Most smartphones today contain an accelerometer – without them, the latest fitness apps don’t work – but a Stanford researchers has shown that the sensor can be used to “fingerprint” a device, handing valuable data to unscrupulous advertisers.
Most smartphones today contain an accelerometer – without them, the latest fitness apps don’t work – but a Stanford researcher has shown that the sensor can be used to “fingerprint” a device, or even track it. The information could easily be misused by rogue advertisers, he warned.
Each sensor is unique, and can be used to “fingerprint” a device, for targeted advertising or even tracking. The speakers and microphones in smartphones can be used in the same way.
Every accelerometer is different, Hristo Bojinov says, and merely using the device – he demonstrated this by turning over a Galaxy Nexus – gives out a unique set of numbers which can remotely identify the phone, according to an SFGate report.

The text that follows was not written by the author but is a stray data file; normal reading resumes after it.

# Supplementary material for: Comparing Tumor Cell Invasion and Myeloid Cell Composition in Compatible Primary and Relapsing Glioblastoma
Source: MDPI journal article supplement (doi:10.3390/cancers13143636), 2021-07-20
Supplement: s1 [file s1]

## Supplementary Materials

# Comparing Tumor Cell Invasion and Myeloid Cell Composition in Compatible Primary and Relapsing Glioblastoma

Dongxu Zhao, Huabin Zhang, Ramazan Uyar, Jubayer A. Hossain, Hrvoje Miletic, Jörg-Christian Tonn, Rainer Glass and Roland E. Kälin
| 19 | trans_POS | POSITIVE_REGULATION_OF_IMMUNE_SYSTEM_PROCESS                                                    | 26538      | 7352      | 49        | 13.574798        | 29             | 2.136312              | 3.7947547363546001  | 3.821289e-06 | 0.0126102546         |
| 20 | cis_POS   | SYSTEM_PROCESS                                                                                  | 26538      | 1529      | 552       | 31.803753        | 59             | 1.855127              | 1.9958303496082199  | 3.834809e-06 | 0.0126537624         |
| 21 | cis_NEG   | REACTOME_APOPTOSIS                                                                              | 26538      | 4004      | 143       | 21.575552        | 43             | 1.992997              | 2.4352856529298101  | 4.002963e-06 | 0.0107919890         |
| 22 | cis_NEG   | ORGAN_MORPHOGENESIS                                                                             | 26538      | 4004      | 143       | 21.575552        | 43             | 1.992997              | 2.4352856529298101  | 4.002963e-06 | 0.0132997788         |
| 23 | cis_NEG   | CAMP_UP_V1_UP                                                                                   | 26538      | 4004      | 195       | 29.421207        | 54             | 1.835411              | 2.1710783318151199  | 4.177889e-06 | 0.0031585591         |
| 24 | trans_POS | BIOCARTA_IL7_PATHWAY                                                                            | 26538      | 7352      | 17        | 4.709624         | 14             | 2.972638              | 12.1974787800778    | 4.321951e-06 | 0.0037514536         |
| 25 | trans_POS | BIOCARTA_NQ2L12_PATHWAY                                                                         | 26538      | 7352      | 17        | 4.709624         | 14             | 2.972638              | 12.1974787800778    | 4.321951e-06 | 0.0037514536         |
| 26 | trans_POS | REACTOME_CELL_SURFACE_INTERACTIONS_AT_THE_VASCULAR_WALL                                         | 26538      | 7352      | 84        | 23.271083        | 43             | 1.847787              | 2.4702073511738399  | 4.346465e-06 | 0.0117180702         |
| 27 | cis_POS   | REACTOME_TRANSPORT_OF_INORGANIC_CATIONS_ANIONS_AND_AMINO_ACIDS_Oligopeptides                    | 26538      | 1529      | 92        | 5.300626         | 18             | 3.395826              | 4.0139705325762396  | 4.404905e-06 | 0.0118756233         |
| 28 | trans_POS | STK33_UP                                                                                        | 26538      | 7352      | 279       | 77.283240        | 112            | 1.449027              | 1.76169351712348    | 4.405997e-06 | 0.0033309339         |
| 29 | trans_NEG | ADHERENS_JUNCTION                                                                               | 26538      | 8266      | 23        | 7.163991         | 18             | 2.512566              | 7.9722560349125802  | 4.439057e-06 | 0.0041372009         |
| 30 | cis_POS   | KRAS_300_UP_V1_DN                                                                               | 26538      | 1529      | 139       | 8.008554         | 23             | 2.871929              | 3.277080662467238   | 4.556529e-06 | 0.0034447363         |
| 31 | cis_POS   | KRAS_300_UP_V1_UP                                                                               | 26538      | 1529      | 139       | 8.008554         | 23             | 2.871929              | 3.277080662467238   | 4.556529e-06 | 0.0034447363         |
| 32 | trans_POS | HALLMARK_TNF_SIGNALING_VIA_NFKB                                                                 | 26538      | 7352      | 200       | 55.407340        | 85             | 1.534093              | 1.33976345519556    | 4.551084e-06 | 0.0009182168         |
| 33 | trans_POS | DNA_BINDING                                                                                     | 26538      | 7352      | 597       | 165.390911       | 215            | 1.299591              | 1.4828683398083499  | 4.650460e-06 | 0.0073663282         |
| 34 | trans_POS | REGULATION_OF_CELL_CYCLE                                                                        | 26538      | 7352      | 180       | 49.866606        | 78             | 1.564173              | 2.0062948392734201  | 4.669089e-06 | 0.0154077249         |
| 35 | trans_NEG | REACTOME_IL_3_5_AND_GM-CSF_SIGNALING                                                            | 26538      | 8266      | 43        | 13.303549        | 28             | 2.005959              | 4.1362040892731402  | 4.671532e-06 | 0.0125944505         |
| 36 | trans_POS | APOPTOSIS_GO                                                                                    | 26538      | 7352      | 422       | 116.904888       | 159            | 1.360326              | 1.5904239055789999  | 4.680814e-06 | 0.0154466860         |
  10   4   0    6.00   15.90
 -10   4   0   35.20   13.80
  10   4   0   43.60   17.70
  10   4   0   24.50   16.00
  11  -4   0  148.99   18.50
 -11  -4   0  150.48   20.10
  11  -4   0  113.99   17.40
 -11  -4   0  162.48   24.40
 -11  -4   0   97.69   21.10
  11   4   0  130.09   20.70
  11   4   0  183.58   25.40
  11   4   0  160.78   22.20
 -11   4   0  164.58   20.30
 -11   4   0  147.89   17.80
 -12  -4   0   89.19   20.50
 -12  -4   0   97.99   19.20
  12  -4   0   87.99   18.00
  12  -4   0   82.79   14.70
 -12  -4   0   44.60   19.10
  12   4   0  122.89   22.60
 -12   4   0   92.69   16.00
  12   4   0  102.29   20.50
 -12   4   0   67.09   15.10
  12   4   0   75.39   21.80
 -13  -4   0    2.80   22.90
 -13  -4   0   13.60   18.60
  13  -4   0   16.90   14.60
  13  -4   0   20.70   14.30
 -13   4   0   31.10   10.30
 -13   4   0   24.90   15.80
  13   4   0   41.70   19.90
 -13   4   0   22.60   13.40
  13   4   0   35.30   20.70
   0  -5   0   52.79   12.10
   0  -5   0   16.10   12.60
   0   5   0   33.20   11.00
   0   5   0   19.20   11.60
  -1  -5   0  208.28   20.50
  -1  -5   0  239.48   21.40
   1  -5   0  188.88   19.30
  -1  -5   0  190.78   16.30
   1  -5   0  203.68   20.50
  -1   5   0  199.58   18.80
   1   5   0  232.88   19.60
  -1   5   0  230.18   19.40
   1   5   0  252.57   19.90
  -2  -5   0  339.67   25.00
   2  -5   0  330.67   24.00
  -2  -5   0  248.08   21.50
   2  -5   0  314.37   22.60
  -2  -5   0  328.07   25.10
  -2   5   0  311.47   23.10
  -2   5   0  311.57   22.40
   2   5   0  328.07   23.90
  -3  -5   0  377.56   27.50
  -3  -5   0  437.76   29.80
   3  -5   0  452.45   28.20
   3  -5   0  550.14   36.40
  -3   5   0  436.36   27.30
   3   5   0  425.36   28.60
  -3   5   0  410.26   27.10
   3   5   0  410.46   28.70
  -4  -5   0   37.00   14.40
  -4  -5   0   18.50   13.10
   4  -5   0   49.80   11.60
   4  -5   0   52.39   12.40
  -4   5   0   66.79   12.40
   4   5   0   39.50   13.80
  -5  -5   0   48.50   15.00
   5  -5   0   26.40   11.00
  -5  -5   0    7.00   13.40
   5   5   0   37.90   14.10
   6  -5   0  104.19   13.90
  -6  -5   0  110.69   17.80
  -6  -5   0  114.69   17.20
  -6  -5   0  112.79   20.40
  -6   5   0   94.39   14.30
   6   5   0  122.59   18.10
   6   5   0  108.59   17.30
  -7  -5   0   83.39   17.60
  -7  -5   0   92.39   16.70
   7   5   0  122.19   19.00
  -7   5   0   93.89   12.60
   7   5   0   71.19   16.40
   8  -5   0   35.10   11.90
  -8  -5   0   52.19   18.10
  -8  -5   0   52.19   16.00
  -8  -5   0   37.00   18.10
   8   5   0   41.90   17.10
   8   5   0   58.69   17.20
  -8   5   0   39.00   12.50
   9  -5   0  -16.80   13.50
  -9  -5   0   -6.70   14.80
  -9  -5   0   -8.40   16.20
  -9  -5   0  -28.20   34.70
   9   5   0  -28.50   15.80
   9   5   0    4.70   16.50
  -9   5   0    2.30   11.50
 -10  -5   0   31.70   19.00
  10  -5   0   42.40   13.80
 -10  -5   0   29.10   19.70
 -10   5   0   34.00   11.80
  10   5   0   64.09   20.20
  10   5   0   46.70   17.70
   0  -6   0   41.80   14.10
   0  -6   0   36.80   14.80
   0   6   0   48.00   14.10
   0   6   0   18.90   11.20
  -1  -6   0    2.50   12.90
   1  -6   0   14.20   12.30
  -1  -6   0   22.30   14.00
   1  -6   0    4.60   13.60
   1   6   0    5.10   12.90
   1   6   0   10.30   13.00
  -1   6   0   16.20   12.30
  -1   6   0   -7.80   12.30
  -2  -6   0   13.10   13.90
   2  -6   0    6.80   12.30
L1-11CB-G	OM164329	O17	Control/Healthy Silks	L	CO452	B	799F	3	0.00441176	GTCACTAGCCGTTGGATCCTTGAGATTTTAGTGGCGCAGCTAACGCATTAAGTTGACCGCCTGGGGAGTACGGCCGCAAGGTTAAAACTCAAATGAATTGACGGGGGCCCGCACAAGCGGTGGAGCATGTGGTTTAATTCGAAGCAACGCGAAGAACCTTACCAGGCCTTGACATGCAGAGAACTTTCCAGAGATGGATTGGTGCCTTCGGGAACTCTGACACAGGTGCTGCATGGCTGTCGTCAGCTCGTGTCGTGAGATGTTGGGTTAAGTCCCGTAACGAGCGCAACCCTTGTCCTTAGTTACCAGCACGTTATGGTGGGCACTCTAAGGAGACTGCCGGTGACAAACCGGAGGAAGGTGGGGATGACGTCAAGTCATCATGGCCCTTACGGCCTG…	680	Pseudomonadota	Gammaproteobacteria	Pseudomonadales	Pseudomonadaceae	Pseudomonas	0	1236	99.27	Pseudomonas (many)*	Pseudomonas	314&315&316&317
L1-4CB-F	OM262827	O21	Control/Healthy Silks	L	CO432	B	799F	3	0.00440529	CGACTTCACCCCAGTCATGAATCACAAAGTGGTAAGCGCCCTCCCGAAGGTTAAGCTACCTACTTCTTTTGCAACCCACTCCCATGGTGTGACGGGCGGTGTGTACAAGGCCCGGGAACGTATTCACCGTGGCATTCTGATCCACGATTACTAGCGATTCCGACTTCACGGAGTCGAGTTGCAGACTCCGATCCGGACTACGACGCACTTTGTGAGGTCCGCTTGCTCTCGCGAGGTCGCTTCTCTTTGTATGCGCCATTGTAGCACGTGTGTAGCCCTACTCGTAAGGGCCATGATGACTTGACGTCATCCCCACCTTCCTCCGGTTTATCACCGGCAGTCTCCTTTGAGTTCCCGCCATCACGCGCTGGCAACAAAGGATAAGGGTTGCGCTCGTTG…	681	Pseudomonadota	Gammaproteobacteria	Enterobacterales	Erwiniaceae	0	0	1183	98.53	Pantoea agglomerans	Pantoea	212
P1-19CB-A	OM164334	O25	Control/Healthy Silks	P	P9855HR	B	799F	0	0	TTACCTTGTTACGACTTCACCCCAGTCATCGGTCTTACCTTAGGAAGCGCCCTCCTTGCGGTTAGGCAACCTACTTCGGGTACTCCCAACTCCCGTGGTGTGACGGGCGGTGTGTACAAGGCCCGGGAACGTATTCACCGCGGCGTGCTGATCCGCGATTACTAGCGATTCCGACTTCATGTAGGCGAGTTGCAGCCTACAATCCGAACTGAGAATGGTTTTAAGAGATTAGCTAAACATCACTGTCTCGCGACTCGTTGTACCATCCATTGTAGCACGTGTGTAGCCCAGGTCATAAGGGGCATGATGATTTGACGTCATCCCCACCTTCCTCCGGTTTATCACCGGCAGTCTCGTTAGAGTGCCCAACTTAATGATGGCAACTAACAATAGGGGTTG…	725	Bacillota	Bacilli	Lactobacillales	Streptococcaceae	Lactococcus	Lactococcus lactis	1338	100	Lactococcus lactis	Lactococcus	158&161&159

Bojinov said he was concerned that the information may already be being used by unscrupulous advertisers.
“Code running on the website in the device’s mobile browser measured the tiniest defects in the device’s accelerometer—the sensor that detects movement – producing a unique set of numbers that advertisers could exploit to identify and track most smartphones,” Phys Org reported.
Malicious apps designed to deliver unwanted advertising are already common on Android – when cybercriminals “fool” users into downloading useless apps, the apps are often built to serve up adverts, as was the case with a fake BBM app earlier this year. If sensors in smartphones hand out identifying data, the devices could be an even more attractive target for advertising malware.
The speakers and microphones in smartphones can also “betray” devices, Bojinov says- giving out identifying information, which could be misused by advertisers or cybercriminals. Bojinov demonstrated how speakers and microphones could be used to “identify” phones by the unique way they play and record certain tones. Information Week said that Bojinov hoped that smartphone manufacturers might find a way of safeguarding such data.
“People need to consider the whole system when they think about privacy,” said Bojinov, saying that he would not be surprised if some advertisers had already discovered and used such techniques.